Changing the Topic…

Someone asked me how my novel was coming. You know, the novel I’ve been working on for like 4 years. The one that I resolve to finish EVERY New Year’s. So I swiftly changed the subject to avoid having to talk about it.

But then I went and checked on it. If word documents could collect dust, this one would be inches deep. So I theoretically blew the dust and cobwebs away, and stared at my novel. It’s finished. I mean… there’s an end, but it’s not finished, you know? I need to read it 400 more times. And change a word here and there. And then pack it away again for another year.

So last time I had worked on it, I changed it from third person to first person, but when I opened up the file this time, I saw that it was third person (apparently, I had abandoned the first person revision about 1/3 of the way through). I know it’s a tough change to make, but I really think it would be better in first person. How do you decide point of view for your story? I know there are books out there on the subject, but they have never been much of a help to me, because for me, it comes down to “feel”. It “feels” better as a first person story.

For example, I HATED that the twilight books were written in first person. It rubbed me the wrong way from the opening lines. I don’t know why, but it really did. But some stories need to be more personal, and I think that’s where first person comes in. How do you decide?


My YA Book: A Work In Progress

I have written and rewritten and rewritten (and am still rewriting!) this beginning literally tens of times. I switched it to a snappier, more eye-catching first sentence (then back to the normal one); I switched it from third to first person; I started the story by foreshadowing a theme (then deleted all of that); AND I constantly question whether I need to start the story later (like… a month later into the plot). But here’s how it is now, which is remarkably like the FIRST DRAFT I EVER WROTE FOR THIS STORY!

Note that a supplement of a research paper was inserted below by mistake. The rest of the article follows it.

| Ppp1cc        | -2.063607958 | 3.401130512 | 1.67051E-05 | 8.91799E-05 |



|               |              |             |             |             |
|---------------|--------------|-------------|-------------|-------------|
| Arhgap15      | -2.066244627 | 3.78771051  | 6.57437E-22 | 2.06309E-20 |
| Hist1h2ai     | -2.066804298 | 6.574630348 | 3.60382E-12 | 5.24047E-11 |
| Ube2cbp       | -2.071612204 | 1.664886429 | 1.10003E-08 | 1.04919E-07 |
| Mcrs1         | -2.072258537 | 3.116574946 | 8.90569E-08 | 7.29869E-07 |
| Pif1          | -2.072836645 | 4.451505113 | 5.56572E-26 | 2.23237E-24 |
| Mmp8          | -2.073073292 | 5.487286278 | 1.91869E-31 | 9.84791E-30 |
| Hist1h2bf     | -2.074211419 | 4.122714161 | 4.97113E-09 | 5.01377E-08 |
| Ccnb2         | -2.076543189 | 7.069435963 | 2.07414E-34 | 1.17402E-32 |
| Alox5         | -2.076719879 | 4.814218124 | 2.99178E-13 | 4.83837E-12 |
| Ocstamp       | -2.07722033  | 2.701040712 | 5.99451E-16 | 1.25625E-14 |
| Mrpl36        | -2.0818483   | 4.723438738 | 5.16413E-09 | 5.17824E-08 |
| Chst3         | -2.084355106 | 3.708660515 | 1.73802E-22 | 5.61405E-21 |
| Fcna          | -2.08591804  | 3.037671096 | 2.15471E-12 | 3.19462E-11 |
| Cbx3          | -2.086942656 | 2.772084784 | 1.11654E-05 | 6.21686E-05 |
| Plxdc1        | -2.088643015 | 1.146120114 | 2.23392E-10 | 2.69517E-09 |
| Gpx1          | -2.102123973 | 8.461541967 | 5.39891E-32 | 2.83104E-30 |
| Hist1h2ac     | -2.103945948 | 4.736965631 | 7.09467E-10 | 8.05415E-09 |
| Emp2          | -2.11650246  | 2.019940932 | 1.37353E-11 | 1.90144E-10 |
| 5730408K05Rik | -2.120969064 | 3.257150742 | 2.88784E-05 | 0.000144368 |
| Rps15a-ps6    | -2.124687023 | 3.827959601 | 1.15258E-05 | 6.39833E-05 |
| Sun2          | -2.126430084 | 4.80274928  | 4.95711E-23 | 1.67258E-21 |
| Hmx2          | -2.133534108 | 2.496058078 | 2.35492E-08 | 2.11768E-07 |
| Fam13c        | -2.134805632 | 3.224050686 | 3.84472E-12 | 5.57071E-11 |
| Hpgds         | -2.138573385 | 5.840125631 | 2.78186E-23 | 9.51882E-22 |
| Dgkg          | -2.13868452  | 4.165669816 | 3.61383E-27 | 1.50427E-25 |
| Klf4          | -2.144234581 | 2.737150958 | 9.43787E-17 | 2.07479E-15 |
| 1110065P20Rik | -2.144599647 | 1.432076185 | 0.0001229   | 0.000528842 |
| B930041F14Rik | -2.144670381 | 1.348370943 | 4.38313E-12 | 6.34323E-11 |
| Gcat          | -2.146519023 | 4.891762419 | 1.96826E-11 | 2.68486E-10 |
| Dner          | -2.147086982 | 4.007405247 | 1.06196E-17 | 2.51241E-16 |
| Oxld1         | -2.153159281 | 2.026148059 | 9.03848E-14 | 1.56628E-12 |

Revisions are frustrating.

What am I doing here?
I check the clock on my computer monitor: 10:16. Too late to still be at work.
I lean back in my ergonomically-approved office chair and rub my eyes, run my hands through my already messy brown hair.
Papers lay like scattered leaves, dead on my desk. The obituary can wait until morning, I tell myself, and I shut down my computer. I stretch, letting the aches of the day fall from my bones, and I half-heartedly straighten my notes.
My cell phone rings, cutting through the wintery stillness in the office building. It’s Jake, my best friend from childhood and old college roommate.
“Dude,” he says. It might as well be my name: Dude. “Where are you? Come to Rusty’s Pipe tonight.”
Dude, I’m at work,” I say.
There’s a pause. “Gray, for someone who hates his job, you sure do find interesting ways to spend your Friday nights.”
“I don’t –“ I lower my voice, even though I haven’t heard a sound from the surrounding cubicles in hours. “I don’t hate my job.”

oh… I don’t know about the present tense. No! It works! I have to keep the entire story in mind. It works! But I’m deleting the “ergonomically-approved” description. There’s a less boring way to describe the boring.

I just read a really good book that was written by a female, with a main character who is male, written in first-person and present tense. It made me feel better. That story was Split by Swati Avasthi, by the way. Incredibly well-written and well-developed. Characters are multidimensional, multi-layered. Really good story.